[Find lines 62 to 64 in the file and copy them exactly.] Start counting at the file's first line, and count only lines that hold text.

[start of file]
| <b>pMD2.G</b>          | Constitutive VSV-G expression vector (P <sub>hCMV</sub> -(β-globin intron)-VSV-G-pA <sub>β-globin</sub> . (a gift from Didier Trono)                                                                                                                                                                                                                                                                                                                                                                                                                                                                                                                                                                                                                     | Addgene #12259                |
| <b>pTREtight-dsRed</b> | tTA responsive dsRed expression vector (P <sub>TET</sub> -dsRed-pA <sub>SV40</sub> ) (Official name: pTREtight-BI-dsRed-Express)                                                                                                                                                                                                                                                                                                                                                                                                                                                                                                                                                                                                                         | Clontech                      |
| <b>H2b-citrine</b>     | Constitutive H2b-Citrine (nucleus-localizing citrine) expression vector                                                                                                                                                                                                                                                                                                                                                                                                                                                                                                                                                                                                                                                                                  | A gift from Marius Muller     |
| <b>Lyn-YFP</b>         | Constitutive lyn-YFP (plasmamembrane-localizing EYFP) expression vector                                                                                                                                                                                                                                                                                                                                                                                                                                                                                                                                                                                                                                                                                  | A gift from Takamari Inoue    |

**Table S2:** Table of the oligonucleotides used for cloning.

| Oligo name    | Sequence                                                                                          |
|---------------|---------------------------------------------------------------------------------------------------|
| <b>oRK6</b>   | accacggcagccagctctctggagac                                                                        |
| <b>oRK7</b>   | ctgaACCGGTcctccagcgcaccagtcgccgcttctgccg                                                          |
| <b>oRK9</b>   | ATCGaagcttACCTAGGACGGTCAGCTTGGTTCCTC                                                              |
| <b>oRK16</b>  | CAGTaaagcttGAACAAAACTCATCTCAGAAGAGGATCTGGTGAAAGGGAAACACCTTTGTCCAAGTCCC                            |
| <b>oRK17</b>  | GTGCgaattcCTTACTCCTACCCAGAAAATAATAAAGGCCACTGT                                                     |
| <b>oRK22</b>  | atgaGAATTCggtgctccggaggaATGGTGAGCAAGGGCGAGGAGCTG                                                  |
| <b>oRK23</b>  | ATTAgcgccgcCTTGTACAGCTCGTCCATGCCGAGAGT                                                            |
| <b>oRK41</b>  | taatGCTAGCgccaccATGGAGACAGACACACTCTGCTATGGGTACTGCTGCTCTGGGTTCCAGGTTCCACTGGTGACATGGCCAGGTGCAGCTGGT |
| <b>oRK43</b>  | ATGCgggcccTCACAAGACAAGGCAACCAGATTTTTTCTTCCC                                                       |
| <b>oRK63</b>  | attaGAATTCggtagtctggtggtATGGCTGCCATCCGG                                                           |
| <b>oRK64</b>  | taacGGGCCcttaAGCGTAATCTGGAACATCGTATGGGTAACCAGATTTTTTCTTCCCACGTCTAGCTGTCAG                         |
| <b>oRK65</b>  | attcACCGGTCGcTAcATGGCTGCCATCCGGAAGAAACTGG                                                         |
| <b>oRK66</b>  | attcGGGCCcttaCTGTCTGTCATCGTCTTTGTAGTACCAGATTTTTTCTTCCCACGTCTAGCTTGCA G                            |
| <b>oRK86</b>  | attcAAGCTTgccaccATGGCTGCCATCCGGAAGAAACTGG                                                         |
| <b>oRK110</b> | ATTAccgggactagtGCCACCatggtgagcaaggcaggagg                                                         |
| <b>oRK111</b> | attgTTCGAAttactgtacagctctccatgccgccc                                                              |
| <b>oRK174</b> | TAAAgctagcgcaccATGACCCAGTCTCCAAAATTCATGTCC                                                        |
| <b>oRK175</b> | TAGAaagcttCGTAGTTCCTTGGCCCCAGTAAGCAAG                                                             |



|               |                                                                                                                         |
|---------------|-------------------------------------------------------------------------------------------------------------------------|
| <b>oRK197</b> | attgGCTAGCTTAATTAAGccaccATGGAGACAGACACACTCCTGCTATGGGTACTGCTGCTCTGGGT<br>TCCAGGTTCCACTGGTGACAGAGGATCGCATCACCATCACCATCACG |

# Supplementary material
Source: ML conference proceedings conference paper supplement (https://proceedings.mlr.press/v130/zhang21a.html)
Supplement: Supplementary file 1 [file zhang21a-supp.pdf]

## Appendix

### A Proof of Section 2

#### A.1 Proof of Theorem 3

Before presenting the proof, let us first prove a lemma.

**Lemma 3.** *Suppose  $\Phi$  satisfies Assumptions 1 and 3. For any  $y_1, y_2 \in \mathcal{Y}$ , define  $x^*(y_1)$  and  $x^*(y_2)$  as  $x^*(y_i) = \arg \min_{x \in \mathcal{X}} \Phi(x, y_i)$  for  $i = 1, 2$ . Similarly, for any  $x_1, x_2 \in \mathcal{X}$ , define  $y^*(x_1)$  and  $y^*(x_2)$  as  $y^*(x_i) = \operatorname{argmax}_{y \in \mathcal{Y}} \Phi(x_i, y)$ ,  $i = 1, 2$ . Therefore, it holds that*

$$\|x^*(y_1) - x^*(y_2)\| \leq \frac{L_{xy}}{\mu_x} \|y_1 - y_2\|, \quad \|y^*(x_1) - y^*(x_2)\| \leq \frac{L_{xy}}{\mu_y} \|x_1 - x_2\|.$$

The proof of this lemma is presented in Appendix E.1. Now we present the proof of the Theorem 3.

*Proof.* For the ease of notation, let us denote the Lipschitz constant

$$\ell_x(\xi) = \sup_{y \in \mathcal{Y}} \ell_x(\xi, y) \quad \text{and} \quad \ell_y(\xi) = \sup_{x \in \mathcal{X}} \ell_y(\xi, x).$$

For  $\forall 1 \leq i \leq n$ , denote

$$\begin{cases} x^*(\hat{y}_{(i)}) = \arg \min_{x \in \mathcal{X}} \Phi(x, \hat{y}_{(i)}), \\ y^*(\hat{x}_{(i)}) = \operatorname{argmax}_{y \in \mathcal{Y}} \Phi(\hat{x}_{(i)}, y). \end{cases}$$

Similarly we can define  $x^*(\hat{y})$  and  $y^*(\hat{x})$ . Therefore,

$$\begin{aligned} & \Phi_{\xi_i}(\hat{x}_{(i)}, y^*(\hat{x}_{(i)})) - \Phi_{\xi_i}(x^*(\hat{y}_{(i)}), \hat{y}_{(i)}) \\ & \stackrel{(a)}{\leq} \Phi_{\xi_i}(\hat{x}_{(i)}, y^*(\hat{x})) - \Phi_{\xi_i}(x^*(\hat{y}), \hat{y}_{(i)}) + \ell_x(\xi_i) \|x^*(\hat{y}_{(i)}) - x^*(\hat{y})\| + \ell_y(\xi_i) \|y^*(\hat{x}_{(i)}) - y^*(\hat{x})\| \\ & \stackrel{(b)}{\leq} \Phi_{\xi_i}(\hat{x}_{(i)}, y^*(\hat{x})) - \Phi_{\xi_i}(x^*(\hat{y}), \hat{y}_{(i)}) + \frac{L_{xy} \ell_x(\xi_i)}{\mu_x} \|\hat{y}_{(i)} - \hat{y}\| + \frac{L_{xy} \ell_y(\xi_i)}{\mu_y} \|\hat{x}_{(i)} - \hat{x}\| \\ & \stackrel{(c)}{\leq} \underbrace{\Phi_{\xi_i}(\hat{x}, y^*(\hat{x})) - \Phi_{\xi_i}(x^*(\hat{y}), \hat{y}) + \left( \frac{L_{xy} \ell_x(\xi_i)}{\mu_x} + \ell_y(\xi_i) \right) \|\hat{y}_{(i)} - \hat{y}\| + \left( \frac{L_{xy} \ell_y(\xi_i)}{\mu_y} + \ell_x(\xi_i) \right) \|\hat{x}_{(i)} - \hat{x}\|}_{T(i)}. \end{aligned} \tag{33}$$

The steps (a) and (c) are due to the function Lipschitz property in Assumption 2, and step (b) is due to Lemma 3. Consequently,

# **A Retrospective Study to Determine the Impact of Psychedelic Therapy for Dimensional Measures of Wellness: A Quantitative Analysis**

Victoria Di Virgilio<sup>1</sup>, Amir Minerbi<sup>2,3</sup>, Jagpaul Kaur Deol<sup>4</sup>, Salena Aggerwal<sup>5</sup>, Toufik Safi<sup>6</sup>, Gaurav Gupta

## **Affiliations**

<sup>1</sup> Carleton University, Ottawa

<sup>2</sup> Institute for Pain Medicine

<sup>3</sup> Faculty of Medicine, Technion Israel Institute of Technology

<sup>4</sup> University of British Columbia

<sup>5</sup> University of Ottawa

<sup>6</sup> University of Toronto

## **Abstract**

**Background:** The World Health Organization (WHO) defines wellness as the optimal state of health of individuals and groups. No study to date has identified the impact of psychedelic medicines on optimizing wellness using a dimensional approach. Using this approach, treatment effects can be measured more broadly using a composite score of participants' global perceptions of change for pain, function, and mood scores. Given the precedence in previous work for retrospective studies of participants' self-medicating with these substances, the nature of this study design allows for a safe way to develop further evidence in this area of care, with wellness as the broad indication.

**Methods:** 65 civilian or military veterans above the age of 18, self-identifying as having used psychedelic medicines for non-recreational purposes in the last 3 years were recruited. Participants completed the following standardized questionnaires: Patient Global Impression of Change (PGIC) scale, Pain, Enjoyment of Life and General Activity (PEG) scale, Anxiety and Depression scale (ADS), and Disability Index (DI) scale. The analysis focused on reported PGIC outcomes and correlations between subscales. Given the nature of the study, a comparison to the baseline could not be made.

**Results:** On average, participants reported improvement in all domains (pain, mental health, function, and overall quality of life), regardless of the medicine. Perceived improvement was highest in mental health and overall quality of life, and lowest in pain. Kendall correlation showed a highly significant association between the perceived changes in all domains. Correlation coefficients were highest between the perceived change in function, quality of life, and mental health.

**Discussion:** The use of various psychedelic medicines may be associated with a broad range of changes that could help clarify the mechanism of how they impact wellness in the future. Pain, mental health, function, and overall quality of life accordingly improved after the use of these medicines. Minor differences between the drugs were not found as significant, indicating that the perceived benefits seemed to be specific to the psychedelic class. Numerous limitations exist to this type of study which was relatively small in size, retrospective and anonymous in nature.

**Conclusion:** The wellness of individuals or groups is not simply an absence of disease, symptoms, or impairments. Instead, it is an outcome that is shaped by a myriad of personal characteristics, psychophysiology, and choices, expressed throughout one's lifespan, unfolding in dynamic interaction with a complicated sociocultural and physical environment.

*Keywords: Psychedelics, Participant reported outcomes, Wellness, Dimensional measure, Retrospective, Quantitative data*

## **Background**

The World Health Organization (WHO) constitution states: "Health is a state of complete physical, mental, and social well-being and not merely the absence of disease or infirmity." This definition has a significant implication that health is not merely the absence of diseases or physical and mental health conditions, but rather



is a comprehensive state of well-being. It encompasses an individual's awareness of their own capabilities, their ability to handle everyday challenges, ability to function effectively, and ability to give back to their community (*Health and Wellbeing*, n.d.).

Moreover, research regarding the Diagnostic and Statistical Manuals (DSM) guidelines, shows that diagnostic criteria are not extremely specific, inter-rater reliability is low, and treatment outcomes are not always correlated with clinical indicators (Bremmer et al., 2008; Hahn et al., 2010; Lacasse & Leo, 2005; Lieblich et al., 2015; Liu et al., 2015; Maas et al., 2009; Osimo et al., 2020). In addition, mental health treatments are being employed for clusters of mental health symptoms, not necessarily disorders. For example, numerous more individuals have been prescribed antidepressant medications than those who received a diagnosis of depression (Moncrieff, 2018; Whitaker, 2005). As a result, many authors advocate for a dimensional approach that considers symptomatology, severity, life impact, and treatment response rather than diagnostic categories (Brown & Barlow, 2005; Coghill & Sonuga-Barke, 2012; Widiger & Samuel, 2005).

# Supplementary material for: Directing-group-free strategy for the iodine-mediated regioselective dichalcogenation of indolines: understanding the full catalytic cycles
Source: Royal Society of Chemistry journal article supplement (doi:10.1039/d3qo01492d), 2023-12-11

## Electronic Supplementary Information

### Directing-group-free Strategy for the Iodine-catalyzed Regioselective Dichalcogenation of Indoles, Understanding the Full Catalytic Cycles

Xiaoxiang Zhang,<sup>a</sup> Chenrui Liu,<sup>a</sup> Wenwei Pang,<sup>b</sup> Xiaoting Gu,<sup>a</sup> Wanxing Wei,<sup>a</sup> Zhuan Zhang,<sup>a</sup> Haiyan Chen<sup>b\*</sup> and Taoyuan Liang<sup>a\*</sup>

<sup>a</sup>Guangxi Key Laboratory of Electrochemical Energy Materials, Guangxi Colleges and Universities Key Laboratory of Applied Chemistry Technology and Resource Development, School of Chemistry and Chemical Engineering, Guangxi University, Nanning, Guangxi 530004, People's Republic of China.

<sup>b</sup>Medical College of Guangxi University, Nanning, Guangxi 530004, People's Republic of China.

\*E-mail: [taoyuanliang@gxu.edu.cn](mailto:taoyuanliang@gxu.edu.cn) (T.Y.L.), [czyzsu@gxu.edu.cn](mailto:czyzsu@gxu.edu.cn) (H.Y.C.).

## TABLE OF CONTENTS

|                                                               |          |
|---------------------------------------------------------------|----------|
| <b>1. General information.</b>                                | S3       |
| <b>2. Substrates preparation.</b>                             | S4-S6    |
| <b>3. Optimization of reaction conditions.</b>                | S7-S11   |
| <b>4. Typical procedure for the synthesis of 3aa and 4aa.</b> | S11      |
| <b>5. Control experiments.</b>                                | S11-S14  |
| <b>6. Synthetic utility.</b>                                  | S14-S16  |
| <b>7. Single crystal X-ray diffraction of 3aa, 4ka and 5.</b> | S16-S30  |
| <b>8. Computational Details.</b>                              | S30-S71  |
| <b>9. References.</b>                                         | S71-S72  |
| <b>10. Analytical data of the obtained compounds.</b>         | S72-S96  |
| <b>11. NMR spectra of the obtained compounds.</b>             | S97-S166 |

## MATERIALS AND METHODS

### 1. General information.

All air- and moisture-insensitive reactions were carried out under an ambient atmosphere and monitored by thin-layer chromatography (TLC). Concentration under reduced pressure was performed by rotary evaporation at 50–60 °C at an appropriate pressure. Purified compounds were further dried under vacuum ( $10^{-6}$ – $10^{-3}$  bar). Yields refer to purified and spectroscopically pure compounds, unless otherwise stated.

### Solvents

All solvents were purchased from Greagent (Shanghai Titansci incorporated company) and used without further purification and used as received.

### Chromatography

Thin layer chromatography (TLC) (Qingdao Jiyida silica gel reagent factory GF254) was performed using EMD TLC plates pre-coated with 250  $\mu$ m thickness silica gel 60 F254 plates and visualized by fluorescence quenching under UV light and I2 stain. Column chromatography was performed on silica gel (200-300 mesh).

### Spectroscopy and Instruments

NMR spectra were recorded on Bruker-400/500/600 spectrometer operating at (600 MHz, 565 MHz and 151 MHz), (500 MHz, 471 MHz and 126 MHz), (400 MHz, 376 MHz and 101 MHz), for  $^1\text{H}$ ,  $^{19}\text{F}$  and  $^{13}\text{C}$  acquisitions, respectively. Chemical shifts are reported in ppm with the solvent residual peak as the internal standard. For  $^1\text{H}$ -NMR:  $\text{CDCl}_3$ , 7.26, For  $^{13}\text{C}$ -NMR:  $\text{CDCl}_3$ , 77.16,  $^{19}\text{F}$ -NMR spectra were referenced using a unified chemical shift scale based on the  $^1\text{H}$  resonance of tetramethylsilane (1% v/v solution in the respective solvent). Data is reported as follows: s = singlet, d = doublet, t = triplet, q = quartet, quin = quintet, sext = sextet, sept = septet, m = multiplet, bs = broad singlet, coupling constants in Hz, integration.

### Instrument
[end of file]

## **Background**

The World Health Organization (WHO) constitution states: "Health is a state of complete physical, mental, and social well-being and not merely the absence of disease or infirmity." This definition has a significant implication that health is not merely the absence of diseases or physical and mental health conditions, but rather



is a comprehensive state of well-being. It encompasses an individual's awareness of their own capabilities, their ability to handle everyday challenges, ability to function effectively, and ability to give back to their community (*Health and Wellbeing*, n.d.).